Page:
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Distillery to make South Carolina's first legal moonshine

Unidentified moonshiners in the early spring of 1918 on Lister Road near Gowensville, South Carolina. REUTERS/Dean Campbell
Unidentified moonshiners in the early spring of 1918 on Lister Road near Gowensville, South Carolina. REUTERS/Dean Campbell

By Harriet McLeod

CHARLESTON, South Carolina (Reuters) - Two entrepreneurs are taking advantage of South Carolina's new micro-distillery laws to make traditional moonshine whiskey legally in the state for the first time.

The Dark Corner Distillery will open next month in Greenville, where engineer Joe Fenten and longtime home beer brewer Richard Wenger will produce and sell small batches of 100-proof moonshine from a custom-made copper still.

The distillery, housed in a 1925 building, will also include a tasting bar and a museum dedicated to the history of the Dark Corner, the local mountains that were once full of moonshiners, feud and mayhem, Fenten, 27, told Reuters.

The area was settled, along with the nearby Smoky Mountains of Tennessee and Blue Ridge Mountains of North Carolina, by Scots, Irish and Welsh who migrated down through the Appalachian mountain chain from Pennsylvania in the 1700s.

"They thought it was their inalienable, God-given right to make whiskey," said Fenten, a Dark Corner native. "It was a hard life. If you could make an extra 10 cents more for a gallon of whiskey than you could for a bushel of corn, then why not?"

Moonshine traditionally was the term used to describe illegally distilled corn whiskey often made covertly by the light of the moon. The product made at the new distillery will be un-aged corn whiskey, but will be taxed and regulated.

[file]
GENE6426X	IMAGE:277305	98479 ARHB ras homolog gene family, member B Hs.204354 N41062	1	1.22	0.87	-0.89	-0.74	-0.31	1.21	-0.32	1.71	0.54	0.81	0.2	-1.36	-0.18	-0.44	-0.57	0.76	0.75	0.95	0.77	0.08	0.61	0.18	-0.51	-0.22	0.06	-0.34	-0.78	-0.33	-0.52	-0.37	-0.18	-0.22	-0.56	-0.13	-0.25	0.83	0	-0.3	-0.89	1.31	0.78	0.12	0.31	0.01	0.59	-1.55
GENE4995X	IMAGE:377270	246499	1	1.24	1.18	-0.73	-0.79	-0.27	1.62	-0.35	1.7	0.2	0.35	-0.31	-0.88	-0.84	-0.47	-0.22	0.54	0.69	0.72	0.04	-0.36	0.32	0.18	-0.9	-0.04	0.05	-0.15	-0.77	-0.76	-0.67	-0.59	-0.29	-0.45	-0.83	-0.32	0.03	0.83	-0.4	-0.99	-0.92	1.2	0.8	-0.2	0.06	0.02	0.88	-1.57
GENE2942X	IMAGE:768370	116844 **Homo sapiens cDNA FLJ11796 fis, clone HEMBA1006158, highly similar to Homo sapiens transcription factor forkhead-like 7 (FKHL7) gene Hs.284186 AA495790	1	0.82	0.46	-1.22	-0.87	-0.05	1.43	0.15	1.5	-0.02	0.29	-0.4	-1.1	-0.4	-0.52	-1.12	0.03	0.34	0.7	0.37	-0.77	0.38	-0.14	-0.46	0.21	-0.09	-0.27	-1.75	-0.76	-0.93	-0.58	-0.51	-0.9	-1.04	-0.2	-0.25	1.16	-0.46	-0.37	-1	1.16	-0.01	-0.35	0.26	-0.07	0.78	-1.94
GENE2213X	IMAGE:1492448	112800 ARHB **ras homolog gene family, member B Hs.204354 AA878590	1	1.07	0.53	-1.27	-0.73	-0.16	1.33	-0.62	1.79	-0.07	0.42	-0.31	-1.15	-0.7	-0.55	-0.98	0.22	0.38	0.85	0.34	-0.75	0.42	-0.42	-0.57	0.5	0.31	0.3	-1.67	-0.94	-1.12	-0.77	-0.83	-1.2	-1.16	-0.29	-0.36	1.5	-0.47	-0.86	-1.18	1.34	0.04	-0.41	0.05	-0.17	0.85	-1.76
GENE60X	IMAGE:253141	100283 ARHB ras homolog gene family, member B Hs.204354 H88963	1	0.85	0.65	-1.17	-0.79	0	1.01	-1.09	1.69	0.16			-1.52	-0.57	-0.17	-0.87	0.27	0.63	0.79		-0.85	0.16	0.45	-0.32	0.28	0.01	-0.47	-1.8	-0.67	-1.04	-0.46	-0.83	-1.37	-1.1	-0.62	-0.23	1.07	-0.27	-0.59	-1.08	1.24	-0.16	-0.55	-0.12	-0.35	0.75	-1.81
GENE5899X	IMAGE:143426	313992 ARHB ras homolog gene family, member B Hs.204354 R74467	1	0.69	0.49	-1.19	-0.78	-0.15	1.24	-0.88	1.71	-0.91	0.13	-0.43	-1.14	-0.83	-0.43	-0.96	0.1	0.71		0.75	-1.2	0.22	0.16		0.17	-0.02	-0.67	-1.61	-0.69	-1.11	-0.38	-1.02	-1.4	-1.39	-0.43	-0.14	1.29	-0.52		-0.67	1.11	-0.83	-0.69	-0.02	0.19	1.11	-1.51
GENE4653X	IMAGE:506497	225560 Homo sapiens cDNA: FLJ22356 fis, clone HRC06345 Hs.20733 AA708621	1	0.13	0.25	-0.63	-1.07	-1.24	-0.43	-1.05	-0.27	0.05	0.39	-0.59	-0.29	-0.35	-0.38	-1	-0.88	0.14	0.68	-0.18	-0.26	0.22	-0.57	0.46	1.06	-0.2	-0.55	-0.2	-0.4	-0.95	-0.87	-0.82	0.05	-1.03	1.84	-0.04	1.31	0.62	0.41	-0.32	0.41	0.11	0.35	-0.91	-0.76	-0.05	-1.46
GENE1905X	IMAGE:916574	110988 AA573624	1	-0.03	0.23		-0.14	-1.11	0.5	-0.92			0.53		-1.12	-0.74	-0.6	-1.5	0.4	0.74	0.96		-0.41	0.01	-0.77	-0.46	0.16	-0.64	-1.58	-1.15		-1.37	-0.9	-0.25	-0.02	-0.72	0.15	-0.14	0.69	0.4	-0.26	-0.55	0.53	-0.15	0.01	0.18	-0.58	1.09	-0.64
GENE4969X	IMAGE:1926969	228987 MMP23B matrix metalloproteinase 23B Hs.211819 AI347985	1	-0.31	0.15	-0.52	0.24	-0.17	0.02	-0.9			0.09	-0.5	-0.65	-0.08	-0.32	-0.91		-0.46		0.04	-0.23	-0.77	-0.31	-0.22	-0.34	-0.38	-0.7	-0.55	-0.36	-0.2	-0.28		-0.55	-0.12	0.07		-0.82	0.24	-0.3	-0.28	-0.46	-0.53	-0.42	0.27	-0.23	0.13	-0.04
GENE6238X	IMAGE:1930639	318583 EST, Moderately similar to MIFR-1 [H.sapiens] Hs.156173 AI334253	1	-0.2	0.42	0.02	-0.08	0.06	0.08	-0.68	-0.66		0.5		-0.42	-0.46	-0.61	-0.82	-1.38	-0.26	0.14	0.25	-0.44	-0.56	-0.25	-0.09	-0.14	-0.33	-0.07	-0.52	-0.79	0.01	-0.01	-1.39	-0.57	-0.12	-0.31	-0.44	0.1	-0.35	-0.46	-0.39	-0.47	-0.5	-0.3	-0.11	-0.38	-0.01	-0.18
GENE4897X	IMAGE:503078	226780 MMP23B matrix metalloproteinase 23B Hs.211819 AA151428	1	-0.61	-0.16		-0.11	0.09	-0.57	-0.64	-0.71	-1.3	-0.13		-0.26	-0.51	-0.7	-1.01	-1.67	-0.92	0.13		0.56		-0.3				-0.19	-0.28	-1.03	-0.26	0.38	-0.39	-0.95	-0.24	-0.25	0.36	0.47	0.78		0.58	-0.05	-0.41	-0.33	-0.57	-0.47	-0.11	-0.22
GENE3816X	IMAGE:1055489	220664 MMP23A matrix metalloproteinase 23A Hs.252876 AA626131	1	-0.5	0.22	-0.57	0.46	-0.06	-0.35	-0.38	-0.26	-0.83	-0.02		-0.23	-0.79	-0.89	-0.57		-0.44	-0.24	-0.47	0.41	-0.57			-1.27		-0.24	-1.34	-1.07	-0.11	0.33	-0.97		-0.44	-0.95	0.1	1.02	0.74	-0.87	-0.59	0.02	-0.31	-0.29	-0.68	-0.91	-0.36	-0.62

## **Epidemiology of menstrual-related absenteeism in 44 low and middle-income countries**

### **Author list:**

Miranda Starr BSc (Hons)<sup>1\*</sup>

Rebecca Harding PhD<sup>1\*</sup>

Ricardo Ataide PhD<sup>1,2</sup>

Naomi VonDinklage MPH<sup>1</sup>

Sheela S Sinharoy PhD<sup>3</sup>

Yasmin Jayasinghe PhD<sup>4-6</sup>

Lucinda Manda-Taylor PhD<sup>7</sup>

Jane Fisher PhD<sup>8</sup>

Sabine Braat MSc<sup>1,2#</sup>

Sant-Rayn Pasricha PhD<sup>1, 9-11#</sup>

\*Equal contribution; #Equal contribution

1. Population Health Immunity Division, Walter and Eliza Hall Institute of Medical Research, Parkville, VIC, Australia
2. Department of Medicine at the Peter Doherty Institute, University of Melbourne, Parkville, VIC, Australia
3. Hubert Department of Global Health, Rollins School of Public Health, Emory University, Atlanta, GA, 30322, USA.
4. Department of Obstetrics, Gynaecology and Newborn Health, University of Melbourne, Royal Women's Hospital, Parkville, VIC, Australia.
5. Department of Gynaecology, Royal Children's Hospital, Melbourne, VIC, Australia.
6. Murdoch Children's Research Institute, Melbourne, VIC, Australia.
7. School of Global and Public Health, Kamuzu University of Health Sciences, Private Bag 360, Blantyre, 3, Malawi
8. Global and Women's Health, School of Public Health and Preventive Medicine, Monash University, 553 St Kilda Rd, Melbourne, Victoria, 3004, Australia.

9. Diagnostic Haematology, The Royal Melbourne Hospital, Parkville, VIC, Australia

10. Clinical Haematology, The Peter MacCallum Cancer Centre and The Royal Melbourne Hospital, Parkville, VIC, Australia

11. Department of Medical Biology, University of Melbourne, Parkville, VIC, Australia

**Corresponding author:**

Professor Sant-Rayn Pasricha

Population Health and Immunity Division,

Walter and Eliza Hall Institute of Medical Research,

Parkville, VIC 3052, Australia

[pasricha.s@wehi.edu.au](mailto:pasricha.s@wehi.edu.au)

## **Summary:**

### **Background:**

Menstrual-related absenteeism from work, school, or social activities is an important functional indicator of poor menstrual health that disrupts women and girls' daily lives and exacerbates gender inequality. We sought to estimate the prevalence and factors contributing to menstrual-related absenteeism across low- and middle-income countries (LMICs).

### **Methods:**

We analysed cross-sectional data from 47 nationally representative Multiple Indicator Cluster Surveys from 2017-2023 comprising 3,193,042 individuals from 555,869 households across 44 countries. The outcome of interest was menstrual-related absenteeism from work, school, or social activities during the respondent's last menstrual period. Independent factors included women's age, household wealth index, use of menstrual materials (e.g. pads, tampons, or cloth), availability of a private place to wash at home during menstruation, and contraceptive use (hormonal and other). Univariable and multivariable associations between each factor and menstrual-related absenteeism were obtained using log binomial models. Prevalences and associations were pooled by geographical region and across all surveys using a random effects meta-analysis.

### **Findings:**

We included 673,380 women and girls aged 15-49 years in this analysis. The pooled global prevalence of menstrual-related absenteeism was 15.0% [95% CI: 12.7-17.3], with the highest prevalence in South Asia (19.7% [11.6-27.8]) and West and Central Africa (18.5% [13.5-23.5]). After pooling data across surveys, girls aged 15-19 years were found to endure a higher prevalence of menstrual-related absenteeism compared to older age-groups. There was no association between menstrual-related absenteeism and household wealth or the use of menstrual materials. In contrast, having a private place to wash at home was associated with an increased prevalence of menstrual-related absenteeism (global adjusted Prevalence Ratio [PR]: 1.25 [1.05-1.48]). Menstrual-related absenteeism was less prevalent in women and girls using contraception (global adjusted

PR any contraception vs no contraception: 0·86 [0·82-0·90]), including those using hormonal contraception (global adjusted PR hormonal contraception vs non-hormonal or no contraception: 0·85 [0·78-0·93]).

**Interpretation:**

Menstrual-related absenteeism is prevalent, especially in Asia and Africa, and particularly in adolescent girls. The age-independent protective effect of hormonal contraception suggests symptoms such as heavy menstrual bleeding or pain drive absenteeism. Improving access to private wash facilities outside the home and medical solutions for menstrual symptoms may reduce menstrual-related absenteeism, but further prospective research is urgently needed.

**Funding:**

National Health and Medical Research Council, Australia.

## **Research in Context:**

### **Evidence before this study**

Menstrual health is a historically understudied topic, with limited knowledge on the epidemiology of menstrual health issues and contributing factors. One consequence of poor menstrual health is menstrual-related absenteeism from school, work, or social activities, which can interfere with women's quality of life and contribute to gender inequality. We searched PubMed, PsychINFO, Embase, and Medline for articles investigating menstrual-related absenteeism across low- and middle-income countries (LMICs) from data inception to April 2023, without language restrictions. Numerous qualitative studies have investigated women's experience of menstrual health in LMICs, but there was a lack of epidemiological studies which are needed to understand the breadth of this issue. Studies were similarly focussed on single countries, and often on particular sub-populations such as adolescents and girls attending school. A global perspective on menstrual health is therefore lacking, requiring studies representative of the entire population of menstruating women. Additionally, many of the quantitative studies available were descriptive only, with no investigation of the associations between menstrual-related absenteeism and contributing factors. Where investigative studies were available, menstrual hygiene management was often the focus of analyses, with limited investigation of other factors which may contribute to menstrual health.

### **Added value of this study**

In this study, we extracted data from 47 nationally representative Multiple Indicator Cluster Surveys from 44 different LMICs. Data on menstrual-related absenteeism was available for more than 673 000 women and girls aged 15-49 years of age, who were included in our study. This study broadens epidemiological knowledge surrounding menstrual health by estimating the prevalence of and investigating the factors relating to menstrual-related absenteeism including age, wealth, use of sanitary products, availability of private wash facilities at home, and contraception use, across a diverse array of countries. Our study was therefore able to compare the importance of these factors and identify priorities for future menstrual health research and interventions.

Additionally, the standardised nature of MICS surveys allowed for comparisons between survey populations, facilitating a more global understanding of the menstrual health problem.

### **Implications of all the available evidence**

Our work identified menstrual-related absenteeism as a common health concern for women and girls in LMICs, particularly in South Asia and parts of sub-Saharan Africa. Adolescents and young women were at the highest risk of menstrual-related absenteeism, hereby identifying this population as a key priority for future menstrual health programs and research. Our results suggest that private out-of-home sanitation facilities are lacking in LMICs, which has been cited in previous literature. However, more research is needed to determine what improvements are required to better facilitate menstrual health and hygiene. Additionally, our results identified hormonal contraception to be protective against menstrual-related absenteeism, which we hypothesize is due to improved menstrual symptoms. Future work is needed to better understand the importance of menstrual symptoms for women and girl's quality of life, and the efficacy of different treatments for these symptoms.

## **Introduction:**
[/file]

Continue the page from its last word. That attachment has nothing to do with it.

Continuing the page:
The area came to be called the Dark Corner in 1832 by South Carolina politicians seeking to nullify federal law and who cursed the people of the mountains as Unionists, said Dean Campbell, a Dark Corner native who is the distillery's official historian.

Whiskey taxes after the Civil War and then Prohibition in the 20th century made the place more lawless, Campbell said.

News accounts in the 1920s called the Dark Corner "a little Chicago" because of federal agents' raids on stills, killings, and gun and knife fights that broke out after church, he said.

Illegal moonshine is still being made there, Campbell said. In June, sheriff's deputies busted a still in Landrum, South Carolina, and confiscated 2,000 gallons of illegal white liquor along with $150,000 in cash.

State lawmakers in 2009 altered existing liquor laws in a way that lessened the financial burden on small distilleries, paving the way for the Dark Corner Distillery to set up shop.

Fenten said city officials and business groups in Greenville have supported the new venture, but "the second you say moonshine, people's eyebrows raise up."

Despite the drink's reputation, legal moonshine makers also have popped up in other states, including Oregon, Wisconsin, Montana, Missouri, Kentucky, Tennessee, Virginia, New York and North Carolina.

Fenten and Wenger, 44, are experimenting with fresh grains and flavorings and plan other products such as bourbon, peach and grape brandies, and beer schnapps. Unlike some competitors, they do not use neutral grain spirits, or pure grain alcohol, which cheapen the product, Fenten said.

The moonshine will be as smooth as vodka, he said. "It's got a kick but it doesn't numb your mouth."

(Editing by Colleen Jenkins and Cynthia Johnston)

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